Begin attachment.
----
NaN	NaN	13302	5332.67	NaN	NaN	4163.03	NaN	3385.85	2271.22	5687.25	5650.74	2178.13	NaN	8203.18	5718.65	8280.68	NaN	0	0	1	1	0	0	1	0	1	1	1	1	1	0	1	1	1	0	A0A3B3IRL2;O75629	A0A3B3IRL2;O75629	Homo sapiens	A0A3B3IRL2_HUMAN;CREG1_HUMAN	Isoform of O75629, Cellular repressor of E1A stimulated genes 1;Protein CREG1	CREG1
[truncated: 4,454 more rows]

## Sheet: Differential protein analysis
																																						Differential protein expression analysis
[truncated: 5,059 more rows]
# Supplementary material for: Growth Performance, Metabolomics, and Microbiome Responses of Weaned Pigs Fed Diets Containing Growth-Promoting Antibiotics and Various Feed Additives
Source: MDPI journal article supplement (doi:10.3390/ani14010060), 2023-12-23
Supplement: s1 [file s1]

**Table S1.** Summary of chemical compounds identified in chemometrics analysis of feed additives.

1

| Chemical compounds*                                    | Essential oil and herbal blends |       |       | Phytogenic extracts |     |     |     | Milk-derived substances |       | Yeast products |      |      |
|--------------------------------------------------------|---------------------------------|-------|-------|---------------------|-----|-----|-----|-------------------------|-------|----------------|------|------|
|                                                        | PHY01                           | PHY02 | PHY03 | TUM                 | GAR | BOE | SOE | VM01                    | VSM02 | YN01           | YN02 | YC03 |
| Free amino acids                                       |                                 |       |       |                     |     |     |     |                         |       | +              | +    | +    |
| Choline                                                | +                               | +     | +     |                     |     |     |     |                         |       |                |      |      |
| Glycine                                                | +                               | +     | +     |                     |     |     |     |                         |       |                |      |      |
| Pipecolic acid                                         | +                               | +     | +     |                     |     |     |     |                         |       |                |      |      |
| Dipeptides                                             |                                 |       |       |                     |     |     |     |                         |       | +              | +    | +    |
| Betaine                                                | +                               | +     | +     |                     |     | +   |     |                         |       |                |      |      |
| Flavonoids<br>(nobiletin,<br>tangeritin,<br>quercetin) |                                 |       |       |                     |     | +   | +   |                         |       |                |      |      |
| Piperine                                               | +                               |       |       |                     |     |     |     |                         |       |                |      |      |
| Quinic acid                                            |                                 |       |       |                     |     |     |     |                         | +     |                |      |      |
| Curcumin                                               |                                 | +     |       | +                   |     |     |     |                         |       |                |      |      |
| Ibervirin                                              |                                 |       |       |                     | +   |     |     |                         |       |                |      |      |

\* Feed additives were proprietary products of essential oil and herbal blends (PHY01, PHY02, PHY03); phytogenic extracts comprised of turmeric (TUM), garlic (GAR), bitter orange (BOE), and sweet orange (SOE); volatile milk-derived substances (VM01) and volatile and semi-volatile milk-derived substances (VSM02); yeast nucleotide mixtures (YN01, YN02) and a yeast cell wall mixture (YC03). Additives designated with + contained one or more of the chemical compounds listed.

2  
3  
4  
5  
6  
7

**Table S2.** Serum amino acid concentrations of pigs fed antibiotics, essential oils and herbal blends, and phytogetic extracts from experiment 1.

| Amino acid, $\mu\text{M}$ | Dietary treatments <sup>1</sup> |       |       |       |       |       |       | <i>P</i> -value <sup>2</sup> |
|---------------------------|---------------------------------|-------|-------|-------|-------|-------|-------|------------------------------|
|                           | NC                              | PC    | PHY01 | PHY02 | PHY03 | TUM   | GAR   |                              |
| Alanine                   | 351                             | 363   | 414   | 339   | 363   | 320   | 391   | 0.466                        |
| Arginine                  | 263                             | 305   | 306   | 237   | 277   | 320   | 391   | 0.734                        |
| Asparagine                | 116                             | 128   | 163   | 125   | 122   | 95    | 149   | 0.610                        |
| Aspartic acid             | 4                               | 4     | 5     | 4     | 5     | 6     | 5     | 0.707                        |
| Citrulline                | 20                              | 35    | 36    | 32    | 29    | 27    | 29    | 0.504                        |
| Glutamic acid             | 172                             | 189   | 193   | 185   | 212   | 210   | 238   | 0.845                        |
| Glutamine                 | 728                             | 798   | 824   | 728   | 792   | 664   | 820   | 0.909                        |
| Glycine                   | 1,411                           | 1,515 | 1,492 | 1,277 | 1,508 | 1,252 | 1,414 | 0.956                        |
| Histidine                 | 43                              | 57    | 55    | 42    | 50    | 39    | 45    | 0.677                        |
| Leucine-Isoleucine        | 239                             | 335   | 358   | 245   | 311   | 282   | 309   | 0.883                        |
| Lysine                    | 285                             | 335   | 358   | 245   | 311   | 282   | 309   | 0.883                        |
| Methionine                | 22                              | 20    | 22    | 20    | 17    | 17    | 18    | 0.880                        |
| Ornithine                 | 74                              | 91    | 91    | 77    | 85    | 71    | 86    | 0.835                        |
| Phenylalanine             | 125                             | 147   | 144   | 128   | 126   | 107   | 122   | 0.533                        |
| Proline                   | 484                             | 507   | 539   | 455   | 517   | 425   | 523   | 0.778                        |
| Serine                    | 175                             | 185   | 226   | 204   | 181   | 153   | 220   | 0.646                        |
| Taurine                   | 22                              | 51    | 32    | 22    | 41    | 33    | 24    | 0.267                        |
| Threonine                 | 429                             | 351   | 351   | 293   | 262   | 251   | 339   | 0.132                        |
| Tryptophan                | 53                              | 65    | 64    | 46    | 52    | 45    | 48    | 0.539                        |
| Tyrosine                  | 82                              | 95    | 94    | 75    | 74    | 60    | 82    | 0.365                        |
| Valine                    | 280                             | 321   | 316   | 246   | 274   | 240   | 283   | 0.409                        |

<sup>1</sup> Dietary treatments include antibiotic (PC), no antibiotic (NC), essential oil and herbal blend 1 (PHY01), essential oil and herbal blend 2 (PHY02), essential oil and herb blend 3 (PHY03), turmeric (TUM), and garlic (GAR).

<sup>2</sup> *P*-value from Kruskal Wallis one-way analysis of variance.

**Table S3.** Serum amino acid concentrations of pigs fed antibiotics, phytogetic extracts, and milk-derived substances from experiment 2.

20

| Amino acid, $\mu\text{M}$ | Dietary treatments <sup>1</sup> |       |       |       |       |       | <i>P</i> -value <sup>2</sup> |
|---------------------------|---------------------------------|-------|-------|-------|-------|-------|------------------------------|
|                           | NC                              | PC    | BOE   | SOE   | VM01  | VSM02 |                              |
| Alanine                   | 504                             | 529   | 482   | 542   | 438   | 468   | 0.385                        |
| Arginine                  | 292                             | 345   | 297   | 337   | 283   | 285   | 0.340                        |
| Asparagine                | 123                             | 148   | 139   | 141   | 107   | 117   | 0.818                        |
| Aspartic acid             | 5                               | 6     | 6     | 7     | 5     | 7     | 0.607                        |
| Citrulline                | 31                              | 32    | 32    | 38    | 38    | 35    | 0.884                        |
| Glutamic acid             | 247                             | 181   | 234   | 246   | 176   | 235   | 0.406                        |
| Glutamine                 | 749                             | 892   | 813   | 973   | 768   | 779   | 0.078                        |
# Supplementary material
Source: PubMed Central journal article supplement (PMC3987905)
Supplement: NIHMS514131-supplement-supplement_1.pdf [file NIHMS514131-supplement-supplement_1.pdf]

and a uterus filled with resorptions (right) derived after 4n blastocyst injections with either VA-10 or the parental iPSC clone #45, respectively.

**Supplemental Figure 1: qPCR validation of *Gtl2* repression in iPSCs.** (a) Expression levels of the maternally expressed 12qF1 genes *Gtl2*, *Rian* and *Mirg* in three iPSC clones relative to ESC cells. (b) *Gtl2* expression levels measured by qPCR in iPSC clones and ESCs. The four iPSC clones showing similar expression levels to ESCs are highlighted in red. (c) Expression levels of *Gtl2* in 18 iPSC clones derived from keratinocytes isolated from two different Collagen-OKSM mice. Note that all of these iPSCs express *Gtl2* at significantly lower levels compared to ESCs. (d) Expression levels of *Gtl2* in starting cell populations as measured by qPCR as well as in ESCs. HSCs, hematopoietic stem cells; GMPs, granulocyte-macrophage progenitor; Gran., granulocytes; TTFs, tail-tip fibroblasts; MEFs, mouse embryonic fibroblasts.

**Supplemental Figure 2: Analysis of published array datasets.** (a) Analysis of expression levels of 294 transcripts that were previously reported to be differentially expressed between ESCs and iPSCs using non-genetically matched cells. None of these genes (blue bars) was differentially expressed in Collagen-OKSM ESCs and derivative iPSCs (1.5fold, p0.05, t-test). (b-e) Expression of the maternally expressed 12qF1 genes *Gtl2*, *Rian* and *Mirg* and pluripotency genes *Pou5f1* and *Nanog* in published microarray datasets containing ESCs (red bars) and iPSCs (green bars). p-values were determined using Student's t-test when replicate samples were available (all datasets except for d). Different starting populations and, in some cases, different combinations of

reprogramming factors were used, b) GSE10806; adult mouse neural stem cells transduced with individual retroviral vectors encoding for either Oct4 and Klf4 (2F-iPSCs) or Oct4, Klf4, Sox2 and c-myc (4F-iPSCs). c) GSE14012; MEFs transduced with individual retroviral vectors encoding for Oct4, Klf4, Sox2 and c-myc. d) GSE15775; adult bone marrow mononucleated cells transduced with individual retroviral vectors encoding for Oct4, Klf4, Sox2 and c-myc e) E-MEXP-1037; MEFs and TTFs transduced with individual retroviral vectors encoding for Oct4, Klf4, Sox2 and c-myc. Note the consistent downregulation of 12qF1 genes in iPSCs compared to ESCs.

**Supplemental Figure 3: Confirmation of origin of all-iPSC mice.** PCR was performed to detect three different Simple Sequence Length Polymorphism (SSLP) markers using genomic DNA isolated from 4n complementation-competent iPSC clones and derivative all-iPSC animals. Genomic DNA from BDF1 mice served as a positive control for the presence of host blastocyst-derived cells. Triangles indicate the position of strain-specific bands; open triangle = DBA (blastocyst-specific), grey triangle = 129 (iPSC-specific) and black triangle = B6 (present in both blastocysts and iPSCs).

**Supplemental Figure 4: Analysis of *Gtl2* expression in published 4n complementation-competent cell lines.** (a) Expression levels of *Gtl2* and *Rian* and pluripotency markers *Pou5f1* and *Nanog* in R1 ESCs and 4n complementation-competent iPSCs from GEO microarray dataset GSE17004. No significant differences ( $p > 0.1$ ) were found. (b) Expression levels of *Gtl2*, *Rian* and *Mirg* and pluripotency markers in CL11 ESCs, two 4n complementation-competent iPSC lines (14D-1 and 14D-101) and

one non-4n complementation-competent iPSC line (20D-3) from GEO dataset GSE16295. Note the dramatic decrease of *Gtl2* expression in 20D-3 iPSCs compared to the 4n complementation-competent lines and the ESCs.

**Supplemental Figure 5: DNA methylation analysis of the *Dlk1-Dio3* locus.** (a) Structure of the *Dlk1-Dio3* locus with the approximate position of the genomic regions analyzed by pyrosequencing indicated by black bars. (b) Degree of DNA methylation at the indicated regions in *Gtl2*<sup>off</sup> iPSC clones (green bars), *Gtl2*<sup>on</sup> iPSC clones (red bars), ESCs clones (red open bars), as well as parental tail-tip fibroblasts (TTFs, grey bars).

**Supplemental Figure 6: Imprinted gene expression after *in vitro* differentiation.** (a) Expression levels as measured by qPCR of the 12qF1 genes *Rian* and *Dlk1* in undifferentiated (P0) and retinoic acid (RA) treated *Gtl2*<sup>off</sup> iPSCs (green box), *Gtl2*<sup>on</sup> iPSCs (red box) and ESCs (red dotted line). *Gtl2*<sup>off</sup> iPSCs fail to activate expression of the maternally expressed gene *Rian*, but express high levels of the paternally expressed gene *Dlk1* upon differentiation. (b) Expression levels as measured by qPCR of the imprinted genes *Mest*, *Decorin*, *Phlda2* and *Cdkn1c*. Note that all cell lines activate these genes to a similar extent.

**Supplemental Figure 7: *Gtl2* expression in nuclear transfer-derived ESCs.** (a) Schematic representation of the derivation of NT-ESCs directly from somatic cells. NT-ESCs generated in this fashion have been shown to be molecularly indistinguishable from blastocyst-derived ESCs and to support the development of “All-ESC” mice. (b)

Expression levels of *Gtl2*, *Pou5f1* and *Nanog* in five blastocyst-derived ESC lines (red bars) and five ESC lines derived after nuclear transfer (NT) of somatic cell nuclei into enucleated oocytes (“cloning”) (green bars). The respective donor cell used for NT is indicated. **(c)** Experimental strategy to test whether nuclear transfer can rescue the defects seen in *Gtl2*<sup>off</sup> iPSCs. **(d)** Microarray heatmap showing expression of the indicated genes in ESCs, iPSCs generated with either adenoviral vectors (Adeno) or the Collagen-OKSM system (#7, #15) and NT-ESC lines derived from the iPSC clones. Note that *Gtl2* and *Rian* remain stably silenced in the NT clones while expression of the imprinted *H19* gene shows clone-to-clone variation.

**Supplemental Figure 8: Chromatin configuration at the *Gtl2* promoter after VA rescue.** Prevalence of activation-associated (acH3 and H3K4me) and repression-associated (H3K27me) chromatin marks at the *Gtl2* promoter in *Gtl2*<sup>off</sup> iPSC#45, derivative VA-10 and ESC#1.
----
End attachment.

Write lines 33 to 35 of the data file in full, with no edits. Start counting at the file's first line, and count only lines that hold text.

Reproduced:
| Amino acid, $\mu\text{M}$ | Dietary treatments <sup>1</sup> |       |       |       |       |       |       | <i>P</i> -value <sup>2</sup> |
|---------------------------|---------------------------------|-------|-------|-------|-------|-------|-------|------------------------------|
|                           | NC                              | PC    | PHY01 | PHY02 | PHY03 | TUM   | GAR   |                              |